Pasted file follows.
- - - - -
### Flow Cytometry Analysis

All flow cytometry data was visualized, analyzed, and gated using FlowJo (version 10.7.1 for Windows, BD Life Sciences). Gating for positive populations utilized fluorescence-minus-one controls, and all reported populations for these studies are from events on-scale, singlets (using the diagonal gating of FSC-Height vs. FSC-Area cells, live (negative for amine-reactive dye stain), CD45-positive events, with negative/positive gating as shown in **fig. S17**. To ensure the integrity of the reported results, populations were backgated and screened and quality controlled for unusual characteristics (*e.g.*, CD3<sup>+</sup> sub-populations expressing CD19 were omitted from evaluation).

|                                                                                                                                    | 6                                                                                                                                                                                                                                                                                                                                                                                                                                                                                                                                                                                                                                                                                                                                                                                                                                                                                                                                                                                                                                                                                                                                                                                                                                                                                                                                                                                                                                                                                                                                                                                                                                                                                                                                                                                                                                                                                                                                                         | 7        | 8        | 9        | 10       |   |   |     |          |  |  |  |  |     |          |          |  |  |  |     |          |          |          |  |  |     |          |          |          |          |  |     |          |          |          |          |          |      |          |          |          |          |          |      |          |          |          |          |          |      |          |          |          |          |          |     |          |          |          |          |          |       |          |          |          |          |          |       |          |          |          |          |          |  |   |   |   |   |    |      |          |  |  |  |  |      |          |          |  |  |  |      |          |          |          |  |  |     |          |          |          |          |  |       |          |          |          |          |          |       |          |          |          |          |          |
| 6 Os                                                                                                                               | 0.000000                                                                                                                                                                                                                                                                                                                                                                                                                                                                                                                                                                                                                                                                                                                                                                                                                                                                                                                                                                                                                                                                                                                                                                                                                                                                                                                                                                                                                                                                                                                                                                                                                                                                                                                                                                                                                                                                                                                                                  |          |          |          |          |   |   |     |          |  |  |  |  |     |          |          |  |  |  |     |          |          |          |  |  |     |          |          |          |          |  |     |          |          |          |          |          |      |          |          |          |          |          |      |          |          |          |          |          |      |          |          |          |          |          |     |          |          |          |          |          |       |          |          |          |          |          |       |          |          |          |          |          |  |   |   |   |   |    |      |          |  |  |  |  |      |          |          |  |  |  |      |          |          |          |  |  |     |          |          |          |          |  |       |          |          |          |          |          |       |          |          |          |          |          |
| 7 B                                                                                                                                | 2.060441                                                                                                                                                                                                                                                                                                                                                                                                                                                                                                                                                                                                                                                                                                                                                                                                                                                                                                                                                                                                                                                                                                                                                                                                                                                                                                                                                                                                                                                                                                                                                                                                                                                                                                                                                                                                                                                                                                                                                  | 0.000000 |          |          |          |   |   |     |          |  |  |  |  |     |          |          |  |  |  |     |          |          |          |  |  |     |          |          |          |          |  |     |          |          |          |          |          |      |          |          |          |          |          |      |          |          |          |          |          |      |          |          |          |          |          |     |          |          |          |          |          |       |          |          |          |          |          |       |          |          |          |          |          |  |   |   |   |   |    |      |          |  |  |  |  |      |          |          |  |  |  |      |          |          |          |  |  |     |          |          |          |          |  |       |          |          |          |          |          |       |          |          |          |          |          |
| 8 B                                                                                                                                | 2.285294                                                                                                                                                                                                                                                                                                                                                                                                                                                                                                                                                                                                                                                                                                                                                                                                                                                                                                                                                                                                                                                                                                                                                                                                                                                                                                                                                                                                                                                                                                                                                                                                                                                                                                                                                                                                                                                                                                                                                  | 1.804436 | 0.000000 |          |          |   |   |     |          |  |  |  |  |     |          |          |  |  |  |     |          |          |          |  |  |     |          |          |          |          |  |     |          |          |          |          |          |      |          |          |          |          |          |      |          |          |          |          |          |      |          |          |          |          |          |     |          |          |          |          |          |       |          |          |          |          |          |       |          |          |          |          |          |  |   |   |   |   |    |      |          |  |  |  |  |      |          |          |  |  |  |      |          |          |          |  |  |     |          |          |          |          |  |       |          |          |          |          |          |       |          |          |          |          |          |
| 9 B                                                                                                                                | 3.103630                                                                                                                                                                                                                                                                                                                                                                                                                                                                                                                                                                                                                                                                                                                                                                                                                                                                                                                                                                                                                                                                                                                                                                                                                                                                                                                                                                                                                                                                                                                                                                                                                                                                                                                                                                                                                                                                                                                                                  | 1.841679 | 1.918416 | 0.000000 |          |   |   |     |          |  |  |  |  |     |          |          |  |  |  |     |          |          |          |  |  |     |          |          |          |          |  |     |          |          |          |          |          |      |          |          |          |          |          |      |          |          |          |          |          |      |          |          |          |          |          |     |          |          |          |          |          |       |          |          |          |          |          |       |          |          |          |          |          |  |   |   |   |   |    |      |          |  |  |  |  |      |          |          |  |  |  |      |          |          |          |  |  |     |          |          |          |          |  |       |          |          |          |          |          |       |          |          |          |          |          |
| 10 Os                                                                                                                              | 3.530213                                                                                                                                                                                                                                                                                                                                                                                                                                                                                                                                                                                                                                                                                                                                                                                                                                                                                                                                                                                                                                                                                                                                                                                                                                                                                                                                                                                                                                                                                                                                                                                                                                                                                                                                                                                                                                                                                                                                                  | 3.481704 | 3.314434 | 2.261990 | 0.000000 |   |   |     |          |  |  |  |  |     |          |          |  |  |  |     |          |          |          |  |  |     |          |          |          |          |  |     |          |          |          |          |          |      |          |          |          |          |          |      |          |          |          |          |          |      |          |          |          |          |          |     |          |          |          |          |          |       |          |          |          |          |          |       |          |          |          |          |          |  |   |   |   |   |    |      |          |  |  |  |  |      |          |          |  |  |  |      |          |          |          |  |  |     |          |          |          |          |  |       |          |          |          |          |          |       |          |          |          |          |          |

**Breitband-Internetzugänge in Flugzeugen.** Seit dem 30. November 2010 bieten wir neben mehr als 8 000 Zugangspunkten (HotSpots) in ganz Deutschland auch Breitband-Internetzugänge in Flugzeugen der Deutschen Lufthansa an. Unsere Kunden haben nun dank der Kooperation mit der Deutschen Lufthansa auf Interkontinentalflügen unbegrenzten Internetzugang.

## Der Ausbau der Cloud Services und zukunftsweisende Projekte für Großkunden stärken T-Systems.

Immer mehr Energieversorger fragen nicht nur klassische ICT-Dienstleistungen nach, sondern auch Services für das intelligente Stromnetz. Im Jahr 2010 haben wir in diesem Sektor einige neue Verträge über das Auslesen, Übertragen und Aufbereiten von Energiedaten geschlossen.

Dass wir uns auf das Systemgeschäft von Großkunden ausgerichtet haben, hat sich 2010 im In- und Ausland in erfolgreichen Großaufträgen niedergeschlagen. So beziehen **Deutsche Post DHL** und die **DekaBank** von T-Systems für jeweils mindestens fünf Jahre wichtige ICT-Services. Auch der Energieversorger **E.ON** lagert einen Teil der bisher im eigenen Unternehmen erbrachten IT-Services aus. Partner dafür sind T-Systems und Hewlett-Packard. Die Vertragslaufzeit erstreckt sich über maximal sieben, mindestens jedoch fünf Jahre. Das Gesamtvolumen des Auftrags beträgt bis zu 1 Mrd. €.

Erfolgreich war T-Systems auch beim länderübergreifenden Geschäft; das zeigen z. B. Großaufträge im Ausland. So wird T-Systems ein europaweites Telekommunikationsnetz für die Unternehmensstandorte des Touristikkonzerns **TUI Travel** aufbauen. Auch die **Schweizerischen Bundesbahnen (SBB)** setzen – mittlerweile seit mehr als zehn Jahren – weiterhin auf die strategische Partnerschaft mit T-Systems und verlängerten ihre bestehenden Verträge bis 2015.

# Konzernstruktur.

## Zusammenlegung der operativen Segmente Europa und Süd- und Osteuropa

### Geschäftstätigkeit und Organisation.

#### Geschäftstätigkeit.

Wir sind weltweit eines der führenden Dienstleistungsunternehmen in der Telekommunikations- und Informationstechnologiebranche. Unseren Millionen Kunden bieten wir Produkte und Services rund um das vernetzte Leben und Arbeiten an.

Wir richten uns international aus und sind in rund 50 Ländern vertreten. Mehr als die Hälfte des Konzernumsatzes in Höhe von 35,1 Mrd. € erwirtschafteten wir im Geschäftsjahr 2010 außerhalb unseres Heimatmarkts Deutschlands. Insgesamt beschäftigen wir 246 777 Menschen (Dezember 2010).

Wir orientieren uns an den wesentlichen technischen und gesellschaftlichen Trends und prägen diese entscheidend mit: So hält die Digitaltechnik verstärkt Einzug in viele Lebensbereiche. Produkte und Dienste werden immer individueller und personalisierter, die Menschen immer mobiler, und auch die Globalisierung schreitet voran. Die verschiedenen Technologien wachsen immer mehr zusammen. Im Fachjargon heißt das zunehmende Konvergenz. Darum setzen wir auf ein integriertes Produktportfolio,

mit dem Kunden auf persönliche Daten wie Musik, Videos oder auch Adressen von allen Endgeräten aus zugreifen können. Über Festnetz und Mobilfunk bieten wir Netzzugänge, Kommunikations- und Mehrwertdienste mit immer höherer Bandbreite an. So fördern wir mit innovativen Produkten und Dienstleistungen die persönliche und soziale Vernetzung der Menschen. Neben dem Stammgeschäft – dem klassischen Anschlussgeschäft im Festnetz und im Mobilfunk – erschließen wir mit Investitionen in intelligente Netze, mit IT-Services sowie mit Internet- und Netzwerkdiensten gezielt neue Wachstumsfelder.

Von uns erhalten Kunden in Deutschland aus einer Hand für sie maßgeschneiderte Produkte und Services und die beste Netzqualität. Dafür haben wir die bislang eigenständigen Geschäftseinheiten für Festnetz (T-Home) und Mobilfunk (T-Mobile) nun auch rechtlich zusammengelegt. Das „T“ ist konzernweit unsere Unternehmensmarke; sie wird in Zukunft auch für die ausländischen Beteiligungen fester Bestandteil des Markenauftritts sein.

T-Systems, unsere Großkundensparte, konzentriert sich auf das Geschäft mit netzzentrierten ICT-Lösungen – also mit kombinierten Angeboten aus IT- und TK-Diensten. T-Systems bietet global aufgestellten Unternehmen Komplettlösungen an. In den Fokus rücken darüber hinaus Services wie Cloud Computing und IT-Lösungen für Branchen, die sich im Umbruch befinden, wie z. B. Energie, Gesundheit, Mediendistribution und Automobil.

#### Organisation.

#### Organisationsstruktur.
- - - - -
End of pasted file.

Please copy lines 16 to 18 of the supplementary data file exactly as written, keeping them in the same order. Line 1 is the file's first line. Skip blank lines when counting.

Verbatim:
### Geschäftstätigkeit und Organisation.

#### Geschäftstätigkeit.

Wir sind weltweit eines der führenden Dienstleistungsunternehmen in der Telekommunikations- und Informationstechnologiebranche. Unseren Millionen Kunden bieten wir Produkte und Services rund um das vernetzte Leben und Arbeiten an.